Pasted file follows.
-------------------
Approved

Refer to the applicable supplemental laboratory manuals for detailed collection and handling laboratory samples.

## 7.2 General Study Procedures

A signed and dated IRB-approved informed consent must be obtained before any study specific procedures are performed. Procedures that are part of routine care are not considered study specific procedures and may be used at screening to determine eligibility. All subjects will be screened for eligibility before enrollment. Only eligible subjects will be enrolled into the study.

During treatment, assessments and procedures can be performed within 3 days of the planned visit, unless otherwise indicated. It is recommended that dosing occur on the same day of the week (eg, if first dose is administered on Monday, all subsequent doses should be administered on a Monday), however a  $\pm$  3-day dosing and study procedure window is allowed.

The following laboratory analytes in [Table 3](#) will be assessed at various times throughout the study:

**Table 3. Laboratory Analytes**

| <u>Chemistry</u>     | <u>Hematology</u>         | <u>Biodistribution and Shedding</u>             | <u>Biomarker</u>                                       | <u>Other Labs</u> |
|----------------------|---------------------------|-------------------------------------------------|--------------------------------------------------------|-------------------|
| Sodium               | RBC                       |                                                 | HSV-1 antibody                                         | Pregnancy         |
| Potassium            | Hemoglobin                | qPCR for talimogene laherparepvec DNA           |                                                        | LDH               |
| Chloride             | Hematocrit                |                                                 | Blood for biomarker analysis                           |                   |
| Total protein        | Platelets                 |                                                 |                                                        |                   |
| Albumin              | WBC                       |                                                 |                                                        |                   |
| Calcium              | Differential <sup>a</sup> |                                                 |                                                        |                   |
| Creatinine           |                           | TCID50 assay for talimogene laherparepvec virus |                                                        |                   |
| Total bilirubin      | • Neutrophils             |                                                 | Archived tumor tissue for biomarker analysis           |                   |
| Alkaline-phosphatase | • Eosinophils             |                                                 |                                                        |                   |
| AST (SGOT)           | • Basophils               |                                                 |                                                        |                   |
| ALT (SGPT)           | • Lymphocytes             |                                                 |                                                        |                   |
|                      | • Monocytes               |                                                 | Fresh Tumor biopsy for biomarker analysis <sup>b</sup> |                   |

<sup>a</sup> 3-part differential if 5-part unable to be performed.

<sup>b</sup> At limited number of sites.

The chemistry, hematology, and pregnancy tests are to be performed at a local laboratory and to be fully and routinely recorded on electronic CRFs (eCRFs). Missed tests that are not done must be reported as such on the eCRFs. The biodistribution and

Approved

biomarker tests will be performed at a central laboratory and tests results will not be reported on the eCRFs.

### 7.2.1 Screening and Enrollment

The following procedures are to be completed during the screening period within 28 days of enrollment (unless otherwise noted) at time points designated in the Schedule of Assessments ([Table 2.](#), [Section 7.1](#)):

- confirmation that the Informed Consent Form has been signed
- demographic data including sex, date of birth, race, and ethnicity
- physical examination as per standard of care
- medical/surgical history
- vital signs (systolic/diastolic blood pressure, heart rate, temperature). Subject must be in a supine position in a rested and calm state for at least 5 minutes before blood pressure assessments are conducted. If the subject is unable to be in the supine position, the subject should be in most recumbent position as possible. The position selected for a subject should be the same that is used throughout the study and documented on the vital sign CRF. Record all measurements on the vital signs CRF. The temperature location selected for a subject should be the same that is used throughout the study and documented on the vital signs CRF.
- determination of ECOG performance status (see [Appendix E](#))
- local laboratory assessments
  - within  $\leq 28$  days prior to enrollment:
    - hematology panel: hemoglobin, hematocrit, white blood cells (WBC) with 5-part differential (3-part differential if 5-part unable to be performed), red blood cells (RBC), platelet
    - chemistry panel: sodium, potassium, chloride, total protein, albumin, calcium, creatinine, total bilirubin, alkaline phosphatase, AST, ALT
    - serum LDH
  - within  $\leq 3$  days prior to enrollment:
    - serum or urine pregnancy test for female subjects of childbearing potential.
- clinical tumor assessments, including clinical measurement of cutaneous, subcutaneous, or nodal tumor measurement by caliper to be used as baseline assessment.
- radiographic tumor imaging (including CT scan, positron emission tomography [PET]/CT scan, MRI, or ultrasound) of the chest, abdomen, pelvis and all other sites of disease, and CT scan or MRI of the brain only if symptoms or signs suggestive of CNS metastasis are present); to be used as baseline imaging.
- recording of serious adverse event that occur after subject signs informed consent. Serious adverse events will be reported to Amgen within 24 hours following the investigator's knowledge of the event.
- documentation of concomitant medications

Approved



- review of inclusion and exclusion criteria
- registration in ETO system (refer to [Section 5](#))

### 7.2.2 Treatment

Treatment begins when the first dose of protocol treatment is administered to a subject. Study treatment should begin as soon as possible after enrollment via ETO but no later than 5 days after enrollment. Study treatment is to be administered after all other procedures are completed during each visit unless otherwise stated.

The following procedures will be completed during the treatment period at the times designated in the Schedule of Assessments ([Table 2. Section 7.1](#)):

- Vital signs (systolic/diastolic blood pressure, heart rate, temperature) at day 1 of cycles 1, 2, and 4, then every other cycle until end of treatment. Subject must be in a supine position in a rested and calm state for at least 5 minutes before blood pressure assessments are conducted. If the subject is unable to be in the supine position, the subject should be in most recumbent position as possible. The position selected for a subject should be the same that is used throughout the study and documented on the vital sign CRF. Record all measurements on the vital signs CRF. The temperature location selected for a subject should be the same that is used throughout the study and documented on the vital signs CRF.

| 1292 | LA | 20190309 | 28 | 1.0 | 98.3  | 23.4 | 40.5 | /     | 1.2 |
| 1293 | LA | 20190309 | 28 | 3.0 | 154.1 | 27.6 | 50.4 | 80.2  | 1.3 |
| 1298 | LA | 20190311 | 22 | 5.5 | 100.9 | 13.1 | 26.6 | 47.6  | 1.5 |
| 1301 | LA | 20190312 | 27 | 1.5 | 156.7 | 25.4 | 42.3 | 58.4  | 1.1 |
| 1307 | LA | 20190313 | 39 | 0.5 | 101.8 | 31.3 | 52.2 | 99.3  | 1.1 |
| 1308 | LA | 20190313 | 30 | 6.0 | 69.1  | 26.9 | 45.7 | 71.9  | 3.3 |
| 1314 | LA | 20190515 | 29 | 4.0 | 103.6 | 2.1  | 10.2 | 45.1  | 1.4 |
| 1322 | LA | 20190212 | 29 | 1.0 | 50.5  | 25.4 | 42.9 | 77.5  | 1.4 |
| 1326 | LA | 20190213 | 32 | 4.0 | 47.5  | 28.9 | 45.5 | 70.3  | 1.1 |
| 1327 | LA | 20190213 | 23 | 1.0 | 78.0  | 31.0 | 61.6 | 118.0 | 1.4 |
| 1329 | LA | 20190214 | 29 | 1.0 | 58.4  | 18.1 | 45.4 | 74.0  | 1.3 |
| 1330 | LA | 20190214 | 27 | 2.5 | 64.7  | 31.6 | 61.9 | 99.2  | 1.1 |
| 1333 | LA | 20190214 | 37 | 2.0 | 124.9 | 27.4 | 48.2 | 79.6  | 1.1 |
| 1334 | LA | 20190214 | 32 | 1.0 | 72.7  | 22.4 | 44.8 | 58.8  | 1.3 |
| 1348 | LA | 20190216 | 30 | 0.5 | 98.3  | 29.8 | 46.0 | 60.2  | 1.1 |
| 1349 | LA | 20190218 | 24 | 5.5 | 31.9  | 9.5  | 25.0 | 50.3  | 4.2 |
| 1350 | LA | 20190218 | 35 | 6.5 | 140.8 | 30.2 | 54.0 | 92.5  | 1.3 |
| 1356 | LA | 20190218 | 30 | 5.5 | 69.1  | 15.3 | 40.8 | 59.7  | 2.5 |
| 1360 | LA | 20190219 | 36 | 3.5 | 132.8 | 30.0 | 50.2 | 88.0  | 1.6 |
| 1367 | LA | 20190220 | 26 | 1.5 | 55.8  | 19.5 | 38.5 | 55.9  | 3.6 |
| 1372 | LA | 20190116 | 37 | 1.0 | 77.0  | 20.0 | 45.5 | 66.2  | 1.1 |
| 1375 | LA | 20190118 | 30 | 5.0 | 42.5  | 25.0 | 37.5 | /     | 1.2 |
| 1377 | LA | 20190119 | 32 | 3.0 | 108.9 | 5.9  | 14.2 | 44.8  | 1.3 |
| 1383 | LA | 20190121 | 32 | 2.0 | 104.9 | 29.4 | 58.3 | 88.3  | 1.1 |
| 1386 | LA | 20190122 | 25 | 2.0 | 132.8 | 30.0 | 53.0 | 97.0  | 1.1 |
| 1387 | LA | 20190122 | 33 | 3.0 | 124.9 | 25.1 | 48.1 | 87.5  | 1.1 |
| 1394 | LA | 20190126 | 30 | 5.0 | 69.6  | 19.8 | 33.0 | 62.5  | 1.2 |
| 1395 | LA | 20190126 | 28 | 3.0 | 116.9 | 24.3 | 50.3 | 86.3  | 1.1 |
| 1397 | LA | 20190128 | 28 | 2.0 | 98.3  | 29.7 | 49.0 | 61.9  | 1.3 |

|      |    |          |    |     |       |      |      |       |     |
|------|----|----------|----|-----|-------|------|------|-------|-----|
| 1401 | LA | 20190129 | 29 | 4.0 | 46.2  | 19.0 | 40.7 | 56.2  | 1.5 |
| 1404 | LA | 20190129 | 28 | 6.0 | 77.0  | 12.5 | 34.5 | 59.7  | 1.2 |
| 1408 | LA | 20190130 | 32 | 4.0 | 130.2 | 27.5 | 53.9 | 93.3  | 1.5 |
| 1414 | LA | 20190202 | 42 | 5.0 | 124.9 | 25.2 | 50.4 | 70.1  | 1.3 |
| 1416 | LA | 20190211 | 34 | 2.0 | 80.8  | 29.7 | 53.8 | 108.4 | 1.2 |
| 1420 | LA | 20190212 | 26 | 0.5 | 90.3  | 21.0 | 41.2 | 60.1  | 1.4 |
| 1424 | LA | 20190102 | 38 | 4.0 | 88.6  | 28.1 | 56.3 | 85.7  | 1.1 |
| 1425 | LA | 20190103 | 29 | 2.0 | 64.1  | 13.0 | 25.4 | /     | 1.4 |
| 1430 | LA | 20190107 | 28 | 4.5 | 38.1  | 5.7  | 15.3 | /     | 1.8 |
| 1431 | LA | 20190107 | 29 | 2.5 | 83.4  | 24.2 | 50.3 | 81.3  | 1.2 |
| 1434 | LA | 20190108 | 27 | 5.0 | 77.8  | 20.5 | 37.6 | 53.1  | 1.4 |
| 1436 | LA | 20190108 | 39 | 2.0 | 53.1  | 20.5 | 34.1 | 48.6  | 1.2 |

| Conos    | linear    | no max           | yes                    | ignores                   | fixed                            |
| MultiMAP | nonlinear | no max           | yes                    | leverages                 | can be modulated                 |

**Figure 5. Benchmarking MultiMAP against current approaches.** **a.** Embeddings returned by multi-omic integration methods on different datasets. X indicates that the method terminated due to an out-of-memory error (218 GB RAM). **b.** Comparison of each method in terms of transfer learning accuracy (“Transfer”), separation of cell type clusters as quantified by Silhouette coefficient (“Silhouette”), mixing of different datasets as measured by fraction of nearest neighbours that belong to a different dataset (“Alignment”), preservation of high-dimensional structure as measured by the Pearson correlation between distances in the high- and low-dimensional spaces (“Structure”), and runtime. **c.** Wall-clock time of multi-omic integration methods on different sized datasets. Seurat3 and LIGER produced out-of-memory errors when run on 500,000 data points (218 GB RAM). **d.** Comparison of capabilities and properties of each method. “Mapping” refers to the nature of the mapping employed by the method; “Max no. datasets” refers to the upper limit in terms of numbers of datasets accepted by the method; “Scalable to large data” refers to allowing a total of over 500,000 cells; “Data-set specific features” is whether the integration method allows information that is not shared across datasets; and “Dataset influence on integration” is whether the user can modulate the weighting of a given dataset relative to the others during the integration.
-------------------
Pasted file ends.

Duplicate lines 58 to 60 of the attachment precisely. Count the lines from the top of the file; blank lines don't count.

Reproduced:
| 1308 | LA | 20190313 | 30 | 6.0 | 69.1  | 26.9 | 45.7 | 71.9  | 3.3 |
| 1314 | LA | 20190515 | 29 | 4.0 | 103.6 | 2.1  | 10.2 | 45.1  | 1.4 |
| 1322 | LA | 20190212 | 29 | 1.0 | 50.5  | 25.4 | 42.9 | 77.5  | 1.4 |